Many lending products showcase this relationship, and you'll often find lower monthly payment requirements on loans of all sorts than the monthly contribution required by the same balance on a credit card. Moreover, while you might be counting on a steady reduction in the minimum payment required, once interest charges are tacked on at the end of every billing cycle, you may find this progress slowed to a standstill.

You may end up with added fees

Finally, not all credit card companies will allow you to transfer loan balances directly, and some creative thinking may be required to achieve this goal as a result. Most cards offer cash advances and similar financing options that can function as reasonable workarounds. Depositing funds into your account and then using the proceeds to pay off the loan is something that can be accomplished, even if a direct transfer of debt isn't available. However, in order to achieve this you'll likely be looking at the addition of fees to the cost of your funding. Whether it comes through a balance transfer or cash advance offer, you're likely going to have to foot the bill for some added expenses. In many cases this can add up to as much as 5% of the money moved.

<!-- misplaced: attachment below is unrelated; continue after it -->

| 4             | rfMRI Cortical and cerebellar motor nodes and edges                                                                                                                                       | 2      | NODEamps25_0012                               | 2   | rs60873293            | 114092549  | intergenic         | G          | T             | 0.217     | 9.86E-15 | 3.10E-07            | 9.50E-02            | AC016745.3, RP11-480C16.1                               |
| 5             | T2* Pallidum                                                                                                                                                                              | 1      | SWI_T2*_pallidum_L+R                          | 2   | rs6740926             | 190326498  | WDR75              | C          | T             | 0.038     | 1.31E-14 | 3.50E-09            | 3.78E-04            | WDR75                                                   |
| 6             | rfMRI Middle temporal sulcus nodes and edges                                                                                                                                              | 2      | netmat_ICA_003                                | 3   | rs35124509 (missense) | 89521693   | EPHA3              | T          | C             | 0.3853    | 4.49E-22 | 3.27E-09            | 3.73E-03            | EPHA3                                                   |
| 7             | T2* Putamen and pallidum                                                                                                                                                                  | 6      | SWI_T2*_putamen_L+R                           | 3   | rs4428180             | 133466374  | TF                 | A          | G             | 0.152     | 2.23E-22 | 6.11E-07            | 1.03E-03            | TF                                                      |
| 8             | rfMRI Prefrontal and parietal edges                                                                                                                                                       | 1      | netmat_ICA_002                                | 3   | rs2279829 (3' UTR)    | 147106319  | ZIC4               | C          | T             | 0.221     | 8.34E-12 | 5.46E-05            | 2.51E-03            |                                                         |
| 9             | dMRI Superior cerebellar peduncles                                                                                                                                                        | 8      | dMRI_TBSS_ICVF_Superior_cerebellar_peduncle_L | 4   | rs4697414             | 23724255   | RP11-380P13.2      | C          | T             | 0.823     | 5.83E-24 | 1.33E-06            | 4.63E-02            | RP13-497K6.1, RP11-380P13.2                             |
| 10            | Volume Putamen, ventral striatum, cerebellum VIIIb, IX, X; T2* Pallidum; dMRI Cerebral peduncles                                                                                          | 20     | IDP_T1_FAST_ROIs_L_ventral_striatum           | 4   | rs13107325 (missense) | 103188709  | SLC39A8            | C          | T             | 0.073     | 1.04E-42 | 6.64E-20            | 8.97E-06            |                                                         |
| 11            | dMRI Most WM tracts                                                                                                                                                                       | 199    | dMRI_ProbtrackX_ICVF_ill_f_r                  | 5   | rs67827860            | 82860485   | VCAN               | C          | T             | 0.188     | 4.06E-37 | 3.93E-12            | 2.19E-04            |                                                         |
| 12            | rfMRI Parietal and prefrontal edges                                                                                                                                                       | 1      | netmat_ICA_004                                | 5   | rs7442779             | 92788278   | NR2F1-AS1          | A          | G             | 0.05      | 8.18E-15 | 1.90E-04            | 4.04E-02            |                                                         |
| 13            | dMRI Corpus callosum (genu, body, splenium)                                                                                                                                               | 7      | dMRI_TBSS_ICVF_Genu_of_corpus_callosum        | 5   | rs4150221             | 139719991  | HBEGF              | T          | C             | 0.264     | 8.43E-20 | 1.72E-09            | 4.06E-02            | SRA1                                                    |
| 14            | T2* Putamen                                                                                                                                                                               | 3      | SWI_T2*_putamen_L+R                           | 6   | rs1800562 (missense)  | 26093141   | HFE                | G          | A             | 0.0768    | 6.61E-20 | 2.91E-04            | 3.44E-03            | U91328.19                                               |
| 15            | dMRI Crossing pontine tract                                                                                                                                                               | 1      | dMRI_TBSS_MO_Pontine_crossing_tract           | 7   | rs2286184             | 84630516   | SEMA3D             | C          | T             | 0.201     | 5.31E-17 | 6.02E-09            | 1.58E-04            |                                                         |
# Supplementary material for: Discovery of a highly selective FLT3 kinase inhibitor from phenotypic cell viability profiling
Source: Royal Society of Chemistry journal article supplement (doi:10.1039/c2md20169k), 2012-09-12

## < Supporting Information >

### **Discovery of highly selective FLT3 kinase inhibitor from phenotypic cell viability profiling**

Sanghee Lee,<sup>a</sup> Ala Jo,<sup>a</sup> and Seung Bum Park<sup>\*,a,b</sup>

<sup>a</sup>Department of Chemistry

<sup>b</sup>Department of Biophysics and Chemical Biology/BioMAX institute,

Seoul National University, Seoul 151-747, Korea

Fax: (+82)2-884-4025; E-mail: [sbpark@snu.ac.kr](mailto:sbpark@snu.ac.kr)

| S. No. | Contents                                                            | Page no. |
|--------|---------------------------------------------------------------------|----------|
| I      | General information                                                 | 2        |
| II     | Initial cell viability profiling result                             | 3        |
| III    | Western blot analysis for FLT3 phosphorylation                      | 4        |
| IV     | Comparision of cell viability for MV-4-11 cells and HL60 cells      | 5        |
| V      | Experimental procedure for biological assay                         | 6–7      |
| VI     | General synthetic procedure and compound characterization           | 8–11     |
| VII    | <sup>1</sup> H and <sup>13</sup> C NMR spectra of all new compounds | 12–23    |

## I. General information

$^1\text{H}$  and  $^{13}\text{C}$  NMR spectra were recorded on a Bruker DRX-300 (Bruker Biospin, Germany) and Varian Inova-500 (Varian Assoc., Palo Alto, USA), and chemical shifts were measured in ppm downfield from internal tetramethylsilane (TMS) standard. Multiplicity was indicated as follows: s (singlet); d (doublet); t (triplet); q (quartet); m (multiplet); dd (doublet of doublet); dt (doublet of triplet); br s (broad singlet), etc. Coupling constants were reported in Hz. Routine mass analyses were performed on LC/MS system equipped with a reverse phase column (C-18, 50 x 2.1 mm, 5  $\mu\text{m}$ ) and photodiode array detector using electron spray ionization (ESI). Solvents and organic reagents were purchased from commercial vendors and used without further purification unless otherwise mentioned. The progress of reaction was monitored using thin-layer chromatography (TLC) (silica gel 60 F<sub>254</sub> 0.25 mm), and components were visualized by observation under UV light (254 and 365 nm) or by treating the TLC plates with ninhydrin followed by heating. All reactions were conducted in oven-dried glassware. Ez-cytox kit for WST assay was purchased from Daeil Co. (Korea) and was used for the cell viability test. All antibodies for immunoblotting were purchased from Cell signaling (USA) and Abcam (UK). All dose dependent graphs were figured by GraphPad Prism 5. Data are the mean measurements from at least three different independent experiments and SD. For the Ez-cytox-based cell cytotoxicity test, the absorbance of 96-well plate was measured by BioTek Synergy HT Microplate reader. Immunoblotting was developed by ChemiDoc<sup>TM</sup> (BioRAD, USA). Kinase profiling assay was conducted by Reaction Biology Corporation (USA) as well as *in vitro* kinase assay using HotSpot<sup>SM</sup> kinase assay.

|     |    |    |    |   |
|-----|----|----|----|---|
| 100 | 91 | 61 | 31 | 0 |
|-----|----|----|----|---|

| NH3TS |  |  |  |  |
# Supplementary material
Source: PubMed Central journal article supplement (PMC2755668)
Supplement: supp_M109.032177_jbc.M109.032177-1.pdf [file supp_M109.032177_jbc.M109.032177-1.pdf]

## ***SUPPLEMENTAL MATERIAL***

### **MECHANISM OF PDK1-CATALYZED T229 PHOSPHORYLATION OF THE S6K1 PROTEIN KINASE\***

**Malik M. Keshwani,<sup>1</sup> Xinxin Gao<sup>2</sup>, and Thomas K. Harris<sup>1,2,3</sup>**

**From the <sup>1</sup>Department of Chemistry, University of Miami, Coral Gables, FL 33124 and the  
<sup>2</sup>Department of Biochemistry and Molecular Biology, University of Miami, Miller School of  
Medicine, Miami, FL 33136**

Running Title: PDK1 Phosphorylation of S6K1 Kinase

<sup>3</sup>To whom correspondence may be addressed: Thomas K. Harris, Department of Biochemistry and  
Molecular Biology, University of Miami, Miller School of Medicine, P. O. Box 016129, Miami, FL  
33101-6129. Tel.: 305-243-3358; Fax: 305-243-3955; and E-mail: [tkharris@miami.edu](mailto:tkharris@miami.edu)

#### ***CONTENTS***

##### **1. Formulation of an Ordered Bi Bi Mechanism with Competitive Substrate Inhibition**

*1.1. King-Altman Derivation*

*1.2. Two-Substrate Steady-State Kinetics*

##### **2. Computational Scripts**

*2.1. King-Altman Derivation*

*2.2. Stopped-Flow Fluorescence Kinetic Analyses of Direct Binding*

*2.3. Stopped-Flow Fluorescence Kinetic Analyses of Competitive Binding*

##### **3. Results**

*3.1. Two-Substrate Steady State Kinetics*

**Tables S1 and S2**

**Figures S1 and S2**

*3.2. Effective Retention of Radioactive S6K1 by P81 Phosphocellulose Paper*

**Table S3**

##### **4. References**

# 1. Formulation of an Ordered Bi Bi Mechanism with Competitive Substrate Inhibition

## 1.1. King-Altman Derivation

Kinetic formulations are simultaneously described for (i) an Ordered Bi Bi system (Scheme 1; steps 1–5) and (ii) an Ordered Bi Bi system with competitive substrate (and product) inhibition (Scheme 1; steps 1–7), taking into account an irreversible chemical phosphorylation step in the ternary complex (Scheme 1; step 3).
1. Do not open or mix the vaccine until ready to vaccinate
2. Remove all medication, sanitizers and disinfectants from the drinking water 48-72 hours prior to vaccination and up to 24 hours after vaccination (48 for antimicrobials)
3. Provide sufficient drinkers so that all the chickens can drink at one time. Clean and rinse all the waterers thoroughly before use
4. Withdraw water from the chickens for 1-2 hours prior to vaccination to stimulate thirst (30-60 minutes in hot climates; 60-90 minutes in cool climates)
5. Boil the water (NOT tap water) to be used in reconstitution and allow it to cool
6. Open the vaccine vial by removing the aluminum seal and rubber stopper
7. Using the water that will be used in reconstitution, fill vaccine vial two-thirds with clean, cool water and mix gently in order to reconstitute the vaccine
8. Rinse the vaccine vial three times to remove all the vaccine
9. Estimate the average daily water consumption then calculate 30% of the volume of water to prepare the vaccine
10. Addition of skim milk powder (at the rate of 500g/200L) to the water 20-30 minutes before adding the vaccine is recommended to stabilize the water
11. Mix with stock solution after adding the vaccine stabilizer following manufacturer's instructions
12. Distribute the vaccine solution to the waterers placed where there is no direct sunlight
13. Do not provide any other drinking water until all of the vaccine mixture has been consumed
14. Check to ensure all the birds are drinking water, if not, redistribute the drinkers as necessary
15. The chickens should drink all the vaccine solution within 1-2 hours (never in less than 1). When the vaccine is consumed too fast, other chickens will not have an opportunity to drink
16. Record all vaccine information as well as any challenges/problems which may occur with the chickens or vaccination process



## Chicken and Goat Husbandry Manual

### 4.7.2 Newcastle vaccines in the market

Depending on how much you owe a creditor, transferring debt from one lending product to another can be extremely costly and raise the overall price tag up above a threshold of acceptability. And this can occur even before the first month of interest is levied against the newly exchanged balance. Before making any alterations to your debt structure, make sure you fully understand the entirety of costs associated with the maneuver. It's possible you'll be getting yourself into an even greater hole by utilizing your credit card to eliminate a loan.